May visited her friend Blank in his new house. He made tea and laid out a plate of biscuits and told May how important a good house was, how you couldn’t be a real human without one. Their other friend Ambrosia agreed, and told May that she should be working as hard as she could so that she could buy a house instead of just a flat. May dipped her biscuit in her tea and didn’t reply.
The next week, Blank and Ambrosia visited May at her flat. She got special biscuits and used her special crockery. Her friends perched on the edge of her threadbare couch and held their tea without sipping it. Blank observed, ever so politely, that May’s flat was very small and needed many repairs: the damp patches on the ceiling, the dripping tap in the bathroom, the chipped paint in the hall. Ambrosia observed, even more politely, that she didn’t have thick carpets or heavy wallpaper or curtains in the windows, only roller-blinds, and they weren’t enough to block out the noises or flashing lights from the street, that there wasn’t enough noise-reduction and her ceilings were too low so when the upstairs neighbor walked across the floor in high-heels it sounded like she was click-clacking on your forehead. All things considered, May’s house was too small, too full of cracks. The outside world encroached far too much. Blank and Ambrosia didn’t stay long.
May did want to please her friends. She didn’t have enough money to fix all the problems with her flat, or to buy anything new to go inside it, or ever to move out of this flat and into a house. But May was clever. She found a solution.
The dollhouse sat nicely on her shoulders—not too heavy, but reassuringly weighty. She piled her hair up and pinned it on top of her head so it filled the attic, holding the house steady. Her eyes lined up perfectly with the upstairs windows, barely blocking more vision than a pair of spectacles. And if she wanted to speak, she could just open the front door.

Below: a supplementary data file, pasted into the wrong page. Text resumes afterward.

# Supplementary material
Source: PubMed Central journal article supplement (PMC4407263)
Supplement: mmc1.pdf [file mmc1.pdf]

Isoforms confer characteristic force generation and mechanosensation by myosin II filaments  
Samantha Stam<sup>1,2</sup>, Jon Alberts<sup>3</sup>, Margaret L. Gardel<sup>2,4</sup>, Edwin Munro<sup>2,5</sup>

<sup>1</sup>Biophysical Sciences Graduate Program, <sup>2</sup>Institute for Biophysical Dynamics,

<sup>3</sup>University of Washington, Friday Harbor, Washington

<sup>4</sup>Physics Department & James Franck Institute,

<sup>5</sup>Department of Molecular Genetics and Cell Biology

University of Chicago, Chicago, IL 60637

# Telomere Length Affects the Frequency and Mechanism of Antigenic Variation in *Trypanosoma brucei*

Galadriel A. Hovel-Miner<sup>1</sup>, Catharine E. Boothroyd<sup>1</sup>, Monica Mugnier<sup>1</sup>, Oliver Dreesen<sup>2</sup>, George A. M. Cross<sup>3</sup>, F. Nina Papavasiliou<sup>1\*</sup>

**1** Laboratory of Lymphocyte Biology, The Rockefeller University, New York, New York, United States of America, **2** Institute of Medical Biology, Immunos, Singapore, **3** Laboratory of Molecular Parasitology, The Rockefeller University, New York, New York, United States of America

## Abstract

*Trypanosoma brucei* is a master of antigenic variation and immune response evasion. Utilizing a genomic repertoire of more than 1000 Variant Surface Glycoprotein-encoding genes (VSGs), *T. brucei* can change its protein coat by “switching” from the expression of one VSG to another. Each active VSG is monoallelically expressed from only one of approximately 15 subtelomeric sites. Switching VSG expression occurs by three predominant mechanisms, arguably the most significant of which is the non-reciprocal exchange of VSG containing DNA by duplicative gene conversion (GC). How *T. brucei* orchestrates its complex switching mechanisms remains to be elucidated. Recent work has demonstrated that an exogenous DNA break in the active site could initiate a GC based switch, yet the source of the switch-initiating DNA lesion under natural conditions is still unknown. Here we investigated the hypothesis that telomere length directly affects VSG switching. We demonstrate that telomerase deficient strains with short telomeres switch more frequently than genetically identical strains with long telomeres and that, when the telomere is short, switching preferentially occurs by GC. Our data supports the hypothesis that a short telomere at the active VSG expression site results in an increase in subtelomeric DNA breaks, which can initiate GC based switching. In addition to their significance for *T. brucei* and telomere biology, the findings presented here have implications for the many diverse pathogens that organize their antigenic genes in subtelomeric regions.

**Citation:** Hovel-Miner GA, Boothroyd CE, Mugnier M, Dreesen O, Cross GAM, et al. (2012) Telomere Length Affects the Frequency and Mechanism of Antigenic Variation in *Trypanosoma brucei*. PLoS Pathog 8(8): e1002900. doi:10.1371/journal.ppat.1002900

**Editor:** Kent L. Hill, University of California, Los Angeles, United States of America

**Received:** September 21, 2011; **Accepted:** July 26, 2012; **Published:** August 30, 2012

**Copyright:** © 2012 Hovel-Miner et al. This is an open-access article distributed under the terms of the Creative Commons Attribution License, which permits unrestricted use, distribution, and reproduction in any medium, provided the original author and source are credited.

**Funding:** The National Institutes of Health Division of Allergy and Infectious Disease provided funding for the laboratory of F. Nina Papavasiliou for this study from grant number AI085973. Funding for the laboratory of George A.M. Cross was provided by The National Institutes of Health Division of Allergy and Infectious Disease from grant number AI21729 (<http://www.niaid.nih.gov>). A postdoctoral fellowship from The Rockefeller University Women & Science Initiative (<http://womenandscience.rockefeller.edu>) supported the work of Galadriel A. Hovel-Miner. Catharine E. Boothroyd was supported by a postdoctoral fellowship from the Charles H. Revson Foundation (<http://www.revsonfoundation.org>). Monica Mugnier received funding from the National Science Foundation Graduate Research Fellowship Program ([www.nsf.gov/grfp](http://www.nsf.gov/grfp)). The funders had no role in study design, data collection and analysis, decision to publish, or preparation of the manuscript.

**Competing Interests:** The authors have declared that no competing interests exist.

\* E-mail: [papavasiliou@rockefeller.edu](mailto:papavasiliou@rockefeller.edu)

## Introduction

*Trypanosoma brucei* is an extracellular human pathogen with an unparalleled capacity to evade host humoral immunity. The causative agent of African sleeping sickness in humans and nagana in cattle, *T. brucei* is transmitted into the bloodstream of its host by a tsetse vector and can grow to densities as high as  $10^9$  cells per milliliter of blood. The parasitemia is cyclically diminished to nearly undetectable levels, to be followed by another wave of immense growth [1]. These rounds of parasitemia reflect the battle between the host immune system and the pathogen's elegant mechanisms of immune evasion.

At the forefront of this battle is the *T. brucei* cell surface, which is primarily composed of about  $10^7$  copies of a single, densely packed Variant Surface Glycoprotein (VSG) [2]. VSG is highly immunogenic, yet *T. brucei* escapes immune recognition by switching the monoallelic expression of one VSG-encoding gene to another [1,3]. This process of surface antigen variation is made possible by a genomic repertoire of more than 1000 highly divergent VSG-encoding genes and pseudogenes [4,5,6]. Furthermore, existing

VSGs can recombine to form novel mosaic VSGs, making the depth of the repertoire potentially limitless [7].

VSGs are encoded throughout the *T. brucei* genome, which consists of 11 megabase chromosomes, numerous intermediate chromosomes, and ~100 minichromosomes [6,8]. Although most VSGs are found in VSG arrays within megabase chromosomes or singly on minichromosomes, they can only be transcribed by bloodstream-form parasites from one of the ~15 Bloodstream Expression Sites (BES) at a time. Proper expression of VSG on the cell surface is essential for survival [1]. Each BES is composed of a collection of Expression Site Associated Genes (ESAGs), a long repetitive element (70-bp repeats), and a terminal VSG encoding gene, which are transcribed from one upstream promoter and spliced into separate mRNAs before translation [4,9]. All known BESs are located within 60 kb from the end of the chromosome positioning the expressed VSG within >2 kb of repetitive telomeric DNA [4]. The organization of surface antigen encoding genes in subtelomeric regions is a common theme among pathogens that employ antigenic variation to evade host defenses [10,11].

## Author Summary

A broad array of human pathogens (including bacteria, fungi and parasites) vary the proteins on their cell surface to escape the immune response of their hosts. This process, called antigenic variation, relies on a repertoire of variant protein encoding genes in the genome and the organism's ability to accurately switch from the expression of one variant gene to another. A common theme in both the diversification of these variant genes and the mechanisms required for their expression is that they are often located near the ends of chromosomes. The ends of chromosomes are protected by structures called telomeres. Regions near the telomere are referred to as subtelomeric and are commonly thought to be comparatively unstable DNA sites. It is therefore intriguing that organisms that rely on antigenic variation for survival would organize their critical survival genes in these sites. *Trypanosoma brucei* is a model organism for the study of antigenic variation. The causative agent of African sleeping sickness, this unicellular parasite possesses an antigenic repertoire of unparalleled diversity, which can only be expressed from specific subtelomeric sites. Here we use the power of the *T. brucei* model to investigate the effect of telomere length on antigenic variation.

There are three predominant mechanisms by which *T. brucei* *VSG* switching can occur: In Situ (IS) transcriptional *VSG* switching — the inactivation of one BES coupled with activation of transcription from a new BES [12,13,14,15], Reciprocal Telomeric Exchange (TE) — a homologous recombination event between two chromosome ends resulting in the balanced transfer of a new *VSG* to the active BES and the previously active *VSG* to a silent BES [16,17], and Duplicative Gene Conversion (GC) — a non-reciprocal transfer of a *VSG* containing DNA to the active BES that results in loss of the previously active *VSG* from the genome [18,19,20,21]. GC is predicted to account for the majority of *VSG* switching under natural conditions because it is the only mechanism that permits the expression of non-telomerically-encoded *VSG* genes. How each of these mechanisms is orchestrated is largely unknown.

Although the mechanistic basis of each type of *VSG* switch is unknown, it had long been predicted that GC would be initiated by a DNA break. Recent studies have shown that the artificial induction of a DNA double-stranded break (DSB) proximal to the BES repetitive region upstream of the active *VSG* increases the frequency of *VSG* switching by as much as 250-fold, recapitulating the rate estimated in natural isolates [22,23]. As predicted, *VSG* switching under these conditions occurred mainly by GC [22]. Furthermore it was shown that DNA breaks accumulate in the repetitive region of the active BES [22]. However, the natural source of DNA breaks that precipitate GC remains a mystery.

The dollhouse was much easier to maintain than her flat. When it was windy and a few miniature tiles fell off—well, she just got them replaced. The hammering gave her a headache, but she posted painkillers through the letterbox and into her mouth, and the pain soon faded. When the gutters couldn’t handle the damp autumn leaves—well, she just put on rubber gloves and scooped the rotting mush out of the pipes. When she discovered a wasps’ nest in the attic, inches from her left cheek—well, yes, that was a bit of a problem. The exterminator said that a house must be evacuated before it can be fumigated, but it wasn’t as simple as that for May. Finally the exterminator agreed to sort the wasps’ nest with her still in the house. She wasn’t stupid, though; she wore a mask. It was fine. Everything was fine.
The dollhouse blocked sound beautifully, so May kept it on all the time, even when she was sleeping. She liked being inside the house while also being inside her flat; it was cosier that way, safer. There was no need for her to get curtains for her flat—why, with the dollhouse shutters closed she couldn’t see anything at all, no matter how many flashing lights went by outside. She didn’t need to put the heating on in her flat—her hands and feet and body were cold, but her head was always toasty-warm. She got the electricity shut off too—she didn’t need it, as the dollhouse had the most delightful little battery-operated lights.
Perhaps May did get the house just to please her friends, but now that she had it she realized that they were right all along. Her house did make her happy. Unfortunately, Blank and Ambrosia were not impressed. Fortunately, May didn’t care. She got tired of seeing their disapproving looks. She got tired of opening her mouth to explain herself.
She closed the window shutters and locked the front door. Just to be sure, she swallowed the key and nailed the shutters. See? It’s warm in here. Dark and safe and cozy. Just don’t look outside. It’s fine. Everything is fine.